So now there was mum, dad and the 4 girls. Nelly, Teraza, Aliyah and me, Baby. But we had to move, because the Torvicks had come home and needed their house back.

Dad decided it was time to return to The House, so we journey 70ks back west and rolled up our long driveway to see our beloved white house and walked through our front door and down the hall and turned into the lounge room to discover that our tenants had ripped up some floor boards, ripped off some of the panels in the ceiling, and had been growing an incredible amount of dope.
Aside from the remnants of the dope factory, there were also hundreds and millions and billions of fleas. Everywhere.
So we had to leave, but where could we go?
In the early 1900’s, at the top of Te Kopuru hill, a hospital was built to treat the sick from Te Kopuru and the surrounding areas
In 1959, fire destroyed one of the Te Kopuru hospital blocks and it made for some sensational reading in the local papers when it was discovered that heroic nurses battled against choking smoke and flames
 to rescue aged patients and carry them to safety.
Not long after that, and unsurprisingly, the hospital doors were shut for good.

And so the hospital remained. Empty.
How convenient. An abandoned hospital lay only minutes up the road.
So we moved in.
And so began another era of my life that would be a little bit backwards and inside out.
Most children are born in a hospital, and live in a house. But I was born in a house, and now lived in a hospital…
We chose to set up quarters in what was once the maternity ward.
Huge, heavy old wooden doors separated our ‘lounge room’ to a long corridor, with hospital rooms off either side. At night it was the spookiest place imaginable and not just because I was a 7-year-old kid with a wild imagination.
20 years on it still spooks me.
I remember that old ward had a chill to it that felt more than just the winters cold. If you opened those big old heavy wooden doors and stood on the other side, peering down into the empty space you would feel this heaviness approach you and settle silently on your chest. Breathing became labored and despite that icy, frosty chill, your skin would begin to prickle with sweat. If you should be brave enough to walk down, down, down that long cold corridor, you would find rooms still littered with the equipment from a hospital nearly 90 years old. Some rooms just had old beds and chairs and cupboards, sitting under decades of dust and neglect, but others were left just as they would have been the day they were last used. Cots with sheets and blankets for the new baby, still made up, only ruffled slightly as if someone had just picked up her baby for nursing.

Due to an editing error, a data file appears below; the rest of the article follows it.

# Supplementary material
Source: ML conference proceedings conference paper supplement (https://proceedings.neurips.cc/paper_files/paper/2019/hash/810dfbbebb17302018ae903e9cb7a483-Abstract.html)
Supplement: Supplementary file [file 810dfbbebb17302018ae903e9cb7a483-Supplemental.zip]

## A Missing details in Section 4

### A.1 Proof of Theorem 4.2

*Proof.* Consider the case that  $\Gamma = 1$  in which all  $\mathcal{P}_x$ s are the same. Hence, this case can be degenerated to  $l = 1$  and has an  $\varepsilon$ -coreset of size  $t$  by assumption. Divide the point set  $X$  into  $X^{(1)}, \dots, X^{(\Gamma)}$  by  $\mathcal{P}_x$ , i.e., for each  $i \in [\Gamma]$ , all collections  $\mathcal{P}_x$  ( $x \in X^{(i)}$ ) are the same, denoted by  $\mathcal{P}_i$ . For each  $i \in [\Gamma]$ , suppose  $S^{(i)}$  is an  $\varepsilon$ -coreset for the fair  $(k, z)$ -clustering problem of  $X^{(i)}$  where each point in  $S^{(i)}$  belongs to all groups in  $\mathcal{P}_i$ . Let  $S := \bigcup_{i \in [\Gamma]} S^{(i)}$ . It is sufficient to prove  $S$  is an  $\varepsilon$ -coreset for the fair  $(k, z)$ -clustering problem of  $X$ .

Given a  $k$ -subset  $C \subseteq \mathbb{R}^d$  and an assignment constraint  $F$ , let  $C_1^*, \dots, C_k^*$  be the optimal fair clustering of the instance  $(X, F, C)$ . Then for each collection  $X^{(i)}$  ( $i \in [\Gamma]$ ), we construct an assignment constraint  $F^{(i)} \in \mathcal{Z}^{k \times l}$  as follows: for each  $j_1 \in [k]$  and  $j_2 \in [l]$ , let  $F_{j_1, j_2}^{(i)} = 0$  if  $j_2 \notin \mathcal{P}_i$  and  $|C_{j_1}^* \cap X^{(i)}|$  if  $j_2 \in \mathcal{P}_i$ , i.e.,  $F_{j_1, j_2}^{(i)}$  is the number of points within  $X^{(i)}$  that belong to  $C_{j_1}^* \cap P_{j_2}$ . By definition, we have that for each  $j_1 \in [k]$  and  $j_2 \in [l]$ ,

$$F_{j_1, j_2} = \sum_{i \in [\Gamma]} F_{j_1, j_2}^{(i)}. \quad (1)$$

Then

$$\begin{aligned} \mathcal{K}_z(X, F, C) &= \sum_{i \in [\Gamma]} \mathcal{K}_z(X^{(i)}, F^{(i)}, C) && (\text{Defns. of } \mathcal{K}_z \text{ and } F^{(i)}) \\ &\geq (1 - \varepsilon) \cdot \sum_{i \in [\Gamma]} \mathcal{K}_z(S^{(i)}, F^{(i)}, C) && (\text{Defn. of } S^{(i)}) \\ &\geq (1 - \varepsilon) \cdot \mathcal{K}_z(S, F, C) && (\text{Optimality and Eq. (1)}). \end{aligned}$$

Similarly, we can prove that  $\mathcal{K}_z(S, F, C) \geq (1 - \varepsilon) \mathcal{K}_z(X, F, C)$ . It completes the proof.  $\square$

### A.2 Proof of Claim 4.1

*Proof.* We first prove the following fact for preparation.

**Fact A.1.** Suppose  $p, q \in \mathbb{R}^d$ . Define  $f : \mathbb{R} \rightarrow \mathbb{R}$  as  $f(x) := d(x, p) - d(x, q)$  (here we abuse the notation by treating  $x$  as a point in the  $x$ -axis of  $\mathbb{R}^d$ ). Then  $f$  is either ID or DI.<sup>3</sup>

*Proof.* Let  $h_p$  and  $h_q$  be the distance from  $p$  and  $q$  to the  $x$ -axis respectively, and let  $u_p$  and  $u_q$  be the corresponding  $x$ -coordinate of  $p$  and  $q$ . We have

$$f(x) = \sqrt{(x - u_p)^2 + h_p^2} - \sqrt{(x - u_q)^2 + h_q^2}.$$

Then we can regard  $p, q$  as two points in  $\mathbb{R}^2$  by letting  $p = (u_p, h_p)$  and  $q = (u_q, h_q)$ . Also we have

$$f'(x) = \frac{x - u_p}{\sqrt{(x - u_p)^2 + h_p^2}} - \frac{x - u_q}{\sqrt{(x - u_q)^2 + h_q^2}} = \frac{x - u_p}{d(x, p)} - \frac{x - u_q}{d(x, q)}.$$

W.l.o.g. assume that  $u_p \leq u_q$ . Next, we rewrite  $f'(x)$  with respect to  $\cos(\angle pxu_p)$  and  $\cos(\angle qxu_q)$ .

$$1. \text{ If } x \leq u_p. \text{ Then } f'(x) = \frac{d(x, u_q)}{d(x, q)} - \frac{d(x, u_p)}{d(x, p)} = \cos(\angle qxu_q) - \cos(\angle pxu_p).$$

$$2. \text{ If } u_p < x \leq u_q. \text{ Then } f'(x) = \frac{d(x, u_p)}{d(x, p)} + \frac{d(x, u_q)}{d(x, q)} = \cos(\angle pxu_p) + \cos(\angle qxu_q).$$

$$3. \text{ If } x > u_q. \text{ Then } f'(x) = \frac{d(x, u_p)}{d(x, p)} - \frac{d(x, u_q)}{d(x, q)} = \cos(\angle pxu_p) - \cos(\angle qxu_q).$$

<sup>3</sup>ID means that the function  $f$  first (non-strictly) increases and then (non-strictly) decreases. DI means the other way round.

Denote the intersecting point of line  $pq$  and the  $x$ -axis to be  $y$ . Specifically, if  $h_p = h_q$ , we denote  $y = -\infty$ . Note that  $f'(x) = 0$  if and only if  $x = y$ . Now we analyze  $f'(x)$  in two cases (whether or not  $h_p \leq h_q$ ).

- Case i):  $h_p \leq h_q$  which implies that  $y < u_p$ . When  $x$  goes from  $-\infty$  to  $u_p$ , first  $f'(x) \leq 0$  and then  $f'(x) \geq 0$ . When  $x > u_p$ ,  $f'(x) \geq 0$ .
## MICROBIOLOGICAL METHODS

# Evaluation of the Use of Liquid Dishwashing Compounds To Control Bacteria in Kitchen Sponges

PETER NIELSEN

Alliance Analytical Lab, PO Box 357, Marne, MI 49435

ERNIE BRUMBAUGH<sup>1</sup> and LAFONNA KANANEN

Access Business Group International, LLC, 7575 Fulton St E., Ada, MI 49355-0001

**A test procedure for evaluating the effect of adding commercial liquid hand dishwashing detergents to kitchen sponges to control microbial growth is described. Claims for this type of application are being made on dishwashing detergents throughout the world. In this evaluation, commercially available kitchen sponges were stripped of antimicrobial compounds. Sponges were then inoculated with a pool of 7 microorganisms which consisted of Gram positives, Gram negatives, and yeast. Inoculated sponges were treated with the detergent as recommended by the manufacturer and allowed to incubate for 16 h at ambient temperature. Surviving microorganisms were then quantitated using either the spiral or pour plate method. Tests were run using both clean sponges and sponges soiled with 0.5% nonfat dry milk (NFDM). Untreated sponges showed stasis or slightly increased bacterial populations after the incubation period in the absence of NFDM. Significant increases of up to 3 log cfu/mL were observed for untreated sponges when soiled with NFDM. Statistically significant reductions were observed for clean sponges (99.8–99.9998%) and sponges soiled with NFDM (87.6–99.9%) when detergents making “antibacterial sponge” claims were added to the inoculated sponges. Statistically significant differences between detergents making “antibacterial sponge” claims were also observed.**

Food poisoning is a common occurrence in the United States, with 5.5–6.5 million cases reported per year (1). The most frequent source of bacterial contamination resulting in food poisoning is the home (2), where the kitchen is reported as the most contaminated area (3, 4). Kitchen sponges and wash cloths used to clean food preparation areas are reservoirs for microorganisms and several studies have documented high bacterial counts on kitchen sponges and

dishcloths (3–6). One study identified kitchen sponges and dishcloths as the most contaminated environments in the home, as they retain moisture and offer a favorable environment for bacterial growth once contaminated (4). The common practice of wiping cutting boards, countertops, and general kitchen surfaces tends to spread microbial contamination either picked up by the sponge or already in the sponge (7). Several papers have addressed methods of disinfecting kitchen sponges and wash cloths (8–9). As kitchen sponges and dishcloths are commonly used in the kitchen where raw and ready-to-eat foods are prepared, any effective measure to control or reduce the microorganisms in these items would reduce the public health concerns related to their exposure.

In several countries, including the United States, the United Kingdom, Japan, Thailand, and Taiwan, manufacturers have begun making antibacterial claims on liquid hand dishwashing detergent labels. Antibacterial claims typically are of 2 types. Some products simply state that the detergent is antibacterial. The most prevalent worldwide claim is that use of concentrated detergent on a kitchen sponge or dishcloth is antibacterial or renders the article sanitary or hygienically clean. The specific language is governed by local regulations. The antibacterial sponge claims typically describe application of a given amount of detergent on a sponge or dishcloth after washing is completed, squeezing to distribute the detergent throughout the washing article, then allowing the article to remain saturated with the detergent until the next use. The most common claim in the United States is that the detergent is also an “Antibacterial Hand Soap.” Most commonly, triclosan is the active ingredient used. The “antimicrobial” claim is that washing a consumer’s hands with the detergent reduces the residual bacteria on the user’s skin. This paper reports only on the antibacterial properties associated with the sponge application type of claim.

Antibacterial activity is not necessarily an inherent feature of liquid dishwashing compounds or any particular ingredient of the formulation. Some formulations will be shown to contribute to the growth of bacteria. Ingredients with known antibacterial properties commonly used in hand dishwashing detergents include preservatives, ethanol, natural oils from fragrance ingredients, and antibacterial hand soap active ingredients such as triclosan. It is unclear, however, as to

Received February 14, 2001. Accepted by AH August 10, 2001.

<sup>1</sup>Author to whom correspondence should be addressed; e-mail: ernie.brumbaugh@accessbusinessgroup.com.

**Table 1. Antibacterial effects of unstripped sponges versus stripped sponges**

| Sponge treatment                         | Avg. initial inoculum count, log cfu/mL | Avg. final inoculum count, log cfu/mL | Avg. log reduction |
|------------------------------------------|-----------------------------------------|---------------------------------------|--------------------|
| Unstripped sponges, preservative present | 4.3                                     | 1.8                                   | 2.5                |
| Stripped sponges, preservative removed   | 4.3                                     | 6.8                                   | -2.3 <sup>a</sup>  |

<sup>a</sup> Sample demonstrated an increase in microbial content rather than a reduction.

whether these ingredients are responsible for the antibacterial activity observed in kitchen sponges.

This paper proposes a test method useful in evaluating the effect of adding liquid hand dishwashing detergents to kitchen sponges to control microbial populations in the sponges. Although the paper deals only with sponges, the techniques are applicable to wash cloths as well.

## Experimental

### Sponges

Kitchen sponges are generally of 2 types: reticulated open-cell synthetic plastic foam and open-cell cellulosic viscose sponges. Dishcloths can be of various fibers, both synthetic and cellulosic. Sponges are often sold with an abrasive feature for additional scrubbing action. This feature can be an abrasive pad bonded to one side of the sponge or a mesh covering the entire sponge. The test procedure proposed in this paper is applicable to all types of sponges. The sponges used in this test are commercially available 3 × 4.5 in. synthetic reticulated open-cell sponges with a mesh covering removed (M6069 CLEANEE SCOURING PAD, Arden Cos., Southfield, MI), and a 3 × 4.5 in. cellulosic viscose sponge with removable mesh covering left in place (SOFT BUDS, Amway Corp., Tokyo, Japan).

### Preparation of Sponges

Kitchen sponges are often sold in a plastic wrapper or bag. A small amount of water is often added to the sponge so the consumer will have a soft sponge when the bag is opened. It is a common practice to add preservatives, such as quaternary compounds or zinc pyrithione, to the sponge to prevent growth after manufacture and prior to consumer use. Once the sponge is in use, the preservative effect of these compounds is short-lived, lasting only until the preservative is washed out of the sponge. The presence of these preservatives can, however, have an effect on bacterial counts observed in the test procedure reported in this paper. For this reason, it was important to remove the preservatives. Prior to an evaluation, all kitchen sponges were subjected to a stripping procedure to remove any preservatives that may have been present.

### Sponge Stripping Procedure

These were the rooms that really got under your skin. They had a presence to them. They looked as though people had up and left very suddenly, with no time to gather up even a wrap for the baby.

I only ever went down to those rooms 2 or 3 times, and certainly only ever went down there alone once…and never again would I do that. Like I said, there seemed to be a heaviness there, something you can’t see, but something that settles upon you like dew  and to be perfectly honest, it scared the living daylights out of me. Even typing about it now is causing goose bumps to creep their way up the back of my spine.

Behind our house we had what seemed to be old miscellaneous rooms… kitchens perhaps, that were generally just dark and we only ever used that space to keep our pet lamb, which we called Salam, who died after mum fed it goats milk.
But to the left of our ‘house’ was a building whose bricks had tumbled and crumbled slowly under the burden of time and from the outside looked plain and unremarkable.

This was the old morgue.

A dated photograph of the section of the hosital which would later become our home. The building to the far left was our living space. The building to the far right with the cross on top was the morgue.

We weren’t the only ones who had seen the abandoned hospital as a viable living arrangement. It was a huge hospital, spread out over a very large piece of land. We shared this hospital home with half a dozen Maori families and a typical day for us girls looked something like this: 12 kids, 10 dark, and 2 white (Nelly and I) running barefoot from building to building with no sense of time or structure but for the hunger in our stomachs which suggested it was lunch time, or dinner time.

Spot the blondies. (And me wearing too much of the new lipstick i’d been given)
One of the many collective Hangis held by the other residents of the abandoned hospital

There was a large old pool, which was gated and if you told me it had not been cleaned since the hospital closed in 1971, I would believe you. You have never seen so many shades of green as you saw it that pool water and I truly believe that every frog in the north of New Zealand must have been bred in those murky waters. If you got close enough to the edge of the pool, the water could be seen to be pulsing and trembling, as if it were alive. Upon closer inspection you saw that the movement was caused by hundreds and thousands of tadpoles and frogs. It was an amphibian breeding ground such as you have never seen.